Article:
I went to Hops and Vines with two friends saying, “We’re going to get a drink; it’s going to be nice. We’re going to pretend like we are adults in a real city.” And then we’re on the “Hops” side sitting next to the Beirut table saying, “Oh, maybe we should play sometime.” Then these random guys in their late 20s come over and convince us to play ’ruit with them. It turns out that they are all alums and part of a 40-person bachelor party. Somehow, I get convinced to go over to the “Vines” side to have a drink with the groom, and then give a toast to the groom, in which all of his friends are goading me to expound upon on how well endowed he is …
[Gives questioning look.]
Which is not something I had any knowledge of! [Laughs.] Because I met Bill, who is going to be having a lovely wedding in Pennsylvania in three weeks, approximately five minutes before this happened. It was an extravagantly awkward and hilarious experience.
And then they drove off in limos?
And then they all shipped out to their school bus, which they had rented to transport them to their house that they had rented in Clarksburg, [Mass.].
Ah, classic Berkshires.
I will probably never see Bill and his friends again, but it was quite the Williams memory.
I’m not sure that your mother would approve of such behavior. Speaking of her, as a personal stalker of the Kiesel family, I would like to know: How many adoption requests do you get on a monthly basis?
I mean, at least one or two. [Laughs]. Many of the Record board decided they wanted to be adopted after discovering that, and this is not my phrasing, that my dad “is a silver fox.” I also was sure to circulate my brother’s [Steven Kiesel ’15] photo when he arrived on campus because we all needed to know who he was, lest anything untoward happen. We also got a lot of mockery up until I started college for being the “perfectly [stereotypical] American family” … without a dog. And we now have a dog.
I believe I’ve seen this dog in the Christmas pictures with the matching clothes. Can we talk about the matching?
So ever since – I think this might have been happening since my mom was a little girl, but at least since I was young – my grandma, my mom’s mom, would buy matching pajamas for the entire family. And I’m not just saying our [immediate] family, I’m saying that she has four kids, and they all have kids and we all have matching pajamas. The effect was mind boggling when we used to all spend Christmas together at my grandma’s because we were just a pack of floating heads, like, these are not individual humans.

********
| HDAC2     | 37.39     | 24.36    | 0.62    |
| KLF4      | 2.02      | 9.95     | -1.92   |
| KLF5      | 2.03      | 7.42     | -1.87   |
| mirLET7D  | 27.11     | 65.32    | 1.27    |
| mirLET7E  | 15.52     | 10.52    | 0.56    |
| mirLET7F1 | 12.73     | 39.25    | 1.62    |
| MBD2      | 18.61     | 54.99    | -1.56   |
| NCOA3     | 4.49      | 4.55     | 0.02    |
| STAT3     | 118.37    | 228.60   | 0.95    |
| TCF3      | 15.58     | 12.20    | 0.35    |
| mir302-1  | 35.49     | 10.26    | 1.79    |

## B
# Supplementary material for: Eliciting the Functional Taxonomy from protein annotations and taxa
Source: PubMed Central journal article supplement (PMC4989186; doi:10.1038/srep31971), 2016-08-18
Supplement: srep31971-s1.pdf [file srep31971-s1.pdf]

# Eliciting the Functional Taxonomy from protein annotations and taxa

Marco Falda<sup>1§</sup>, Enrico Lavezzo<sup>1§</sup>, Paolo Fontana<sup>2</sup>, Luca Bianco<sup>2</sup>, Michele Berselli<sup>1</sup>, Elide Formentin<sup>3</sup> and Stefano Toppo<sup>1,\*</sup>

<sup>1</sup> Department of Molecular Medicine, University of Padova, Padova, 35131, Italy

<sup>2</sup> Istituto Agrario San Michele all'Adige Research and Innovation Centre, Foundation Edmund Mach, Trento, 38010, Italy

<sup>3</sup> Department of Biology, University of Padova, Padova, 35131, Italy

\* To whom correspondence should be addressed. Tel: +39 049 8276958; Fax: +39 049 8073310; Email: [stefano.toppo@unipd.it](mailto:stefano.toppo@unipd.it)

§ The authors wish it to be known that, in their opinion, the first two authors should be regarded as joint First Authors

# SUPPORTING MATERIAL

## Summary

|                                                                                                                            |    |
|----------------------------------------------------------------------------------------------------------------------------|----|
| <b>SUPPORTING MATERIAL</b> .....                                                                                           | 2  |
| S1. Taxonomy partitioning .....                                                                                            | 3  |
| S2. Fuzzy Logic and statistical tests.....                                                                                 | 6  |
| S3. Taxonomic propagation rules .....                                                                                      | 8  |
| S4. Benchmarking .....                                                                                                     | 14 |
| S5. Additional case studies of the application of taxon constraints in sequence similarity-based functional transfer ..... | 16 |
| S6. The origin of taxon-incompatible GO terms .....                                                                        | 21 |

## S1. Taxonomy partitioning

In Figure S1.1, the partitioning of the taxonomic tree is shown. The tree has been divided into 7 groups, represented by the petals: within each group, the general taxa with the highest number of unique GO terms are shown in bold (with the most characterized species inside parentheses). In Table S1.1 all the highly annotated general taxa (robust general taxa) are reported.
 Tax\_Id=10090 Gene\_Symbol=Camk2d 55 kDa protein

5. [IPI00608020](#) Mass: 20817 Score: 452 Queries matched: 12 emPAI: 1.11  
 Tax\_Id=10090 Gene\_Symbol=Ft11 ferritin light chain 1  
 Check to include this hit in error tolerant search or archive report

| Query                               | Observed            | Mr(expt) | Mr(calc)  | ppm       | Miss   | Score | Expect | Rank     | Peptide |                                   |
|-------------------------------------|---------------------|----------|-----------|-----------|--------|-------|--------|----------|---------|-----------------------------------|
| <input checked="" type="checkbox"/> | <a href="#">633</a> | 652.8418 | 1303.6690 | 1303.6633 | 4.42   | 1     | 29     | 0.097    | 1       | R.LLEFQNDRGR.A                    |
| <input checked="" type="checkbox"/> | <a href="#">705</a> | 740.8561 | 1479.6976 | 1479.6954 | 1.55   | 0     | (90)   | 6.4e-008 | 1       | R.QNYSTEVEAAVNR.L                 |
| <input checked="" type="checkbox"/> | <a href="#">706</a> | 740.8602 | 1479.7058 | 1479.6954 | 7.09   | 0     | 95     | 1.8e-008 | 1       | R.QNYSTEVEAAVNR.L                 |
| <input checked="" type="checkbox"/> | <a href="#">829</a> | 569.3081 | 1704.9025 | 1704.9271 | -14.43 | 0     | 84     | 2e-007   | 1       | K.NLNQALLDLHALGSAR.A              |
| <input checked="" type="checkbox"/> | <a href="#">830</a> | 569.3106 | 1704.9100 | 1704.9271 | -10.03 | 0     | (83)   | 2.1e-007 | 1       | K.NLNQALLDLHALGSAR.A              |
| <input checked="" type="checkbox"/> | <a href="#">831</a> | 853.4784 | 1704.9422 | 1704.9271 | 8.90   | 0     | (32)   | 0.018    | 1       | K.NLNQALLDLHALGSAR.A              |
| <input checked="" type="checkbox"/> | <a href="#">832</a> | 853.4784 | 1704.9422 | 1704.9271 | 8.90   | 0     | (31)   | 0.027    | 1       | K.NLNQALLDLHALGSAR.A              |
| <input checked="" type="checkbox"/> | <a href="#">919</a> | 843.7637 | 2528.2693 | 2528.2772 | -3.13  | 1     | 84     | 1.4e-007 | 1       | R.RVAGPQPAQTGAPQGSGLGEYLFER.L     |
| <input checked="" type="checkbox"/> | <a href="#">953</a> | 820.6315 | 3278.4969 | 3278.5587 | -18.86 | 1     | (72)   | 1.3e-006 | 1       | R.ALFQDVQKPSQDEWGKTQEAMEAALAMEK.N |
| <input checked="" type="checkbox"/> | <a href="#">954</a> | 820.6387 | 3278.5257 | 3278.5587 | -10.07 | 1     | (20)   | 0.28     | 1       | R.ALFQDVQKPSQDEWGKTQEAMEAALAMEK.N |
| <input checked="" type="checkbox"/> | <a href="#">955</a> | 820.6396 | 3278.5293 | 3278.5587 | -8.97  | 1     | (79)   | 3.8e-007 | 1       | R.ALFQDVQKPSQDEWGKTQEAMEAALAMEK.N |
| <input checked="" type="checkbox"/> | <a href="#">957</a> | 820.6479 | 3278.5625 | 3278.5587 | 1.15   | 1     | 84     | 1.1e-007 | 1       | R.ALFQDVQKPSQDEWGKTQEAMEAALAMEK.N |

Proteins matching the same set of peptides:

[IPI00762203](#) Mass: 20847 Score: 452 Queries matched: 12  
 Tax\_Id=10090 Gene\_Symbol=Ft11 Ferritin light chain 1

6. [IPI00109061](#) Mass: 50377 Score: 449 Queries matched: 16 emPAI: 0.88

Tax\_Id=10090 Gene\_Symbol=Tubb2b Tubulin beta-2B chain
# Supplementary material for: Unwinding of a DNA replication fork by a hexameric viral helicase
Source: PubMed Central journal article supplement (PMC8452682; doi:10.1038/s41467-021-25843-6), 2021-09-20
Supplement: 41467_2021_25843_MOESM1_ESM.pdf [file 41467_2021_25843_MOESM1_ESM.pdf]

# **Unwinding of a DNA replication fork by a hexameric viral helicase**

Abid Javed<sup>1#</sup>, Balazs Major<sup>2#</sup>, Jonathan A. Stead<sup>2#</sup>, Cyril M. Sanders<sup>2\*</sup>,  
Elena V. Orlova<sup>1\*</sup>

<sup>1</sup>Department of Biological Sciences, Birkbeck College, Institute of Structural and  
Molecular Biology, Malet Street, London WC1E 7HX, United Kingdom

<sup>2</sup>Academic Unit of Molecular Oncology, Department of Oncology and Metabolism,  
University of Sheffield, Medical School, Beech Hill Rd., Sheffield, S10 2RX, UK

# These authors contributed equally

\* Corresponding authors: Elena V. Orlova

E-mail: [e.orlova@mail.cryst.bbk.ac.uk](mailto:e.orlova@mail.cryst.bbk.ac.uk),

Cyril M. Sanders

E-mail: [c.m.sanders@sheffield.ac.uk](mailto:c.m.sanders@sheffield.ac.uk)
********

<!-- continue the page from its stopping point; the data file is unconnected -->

That sounds like a herd of zebra or something.
Now we have more coordinated pajamas. I think that last year, everyone had very similar pants. I think they were football themed pants. And we all had to pose in front of the Christmas tree with the dog and take this obligatory picture before any of us were allowed to do anything.
Well, it’s working for you guys. Let me know if you’re ever looking for another sibling. It sounds like that group of extended family gets together a lot, do you guys have reunions?
Actually, we usually go to the beach, but this year my grandma wanted to do something different so she’s marshalling the forces to go to a dude ranch in Montana.
From what I understand, it’s like a working ranch except they allow people to come in and be a rancher for a week. So we’re all going, ages one to however old my grandma is (a true lady never reveals her age). We’re going fly-fishing and horseback riding.
How many family members?
Twenty-three, plus potentially other associated family members who will trickle in.
Wow, big group.
Yeah, we’re going to take over. They are all like me in that we are all quite loud and quite sure that we should be there and in charge of everything. When you get 23 people in one place that all have this opinion? We generally clear out restaurants pretty quickly.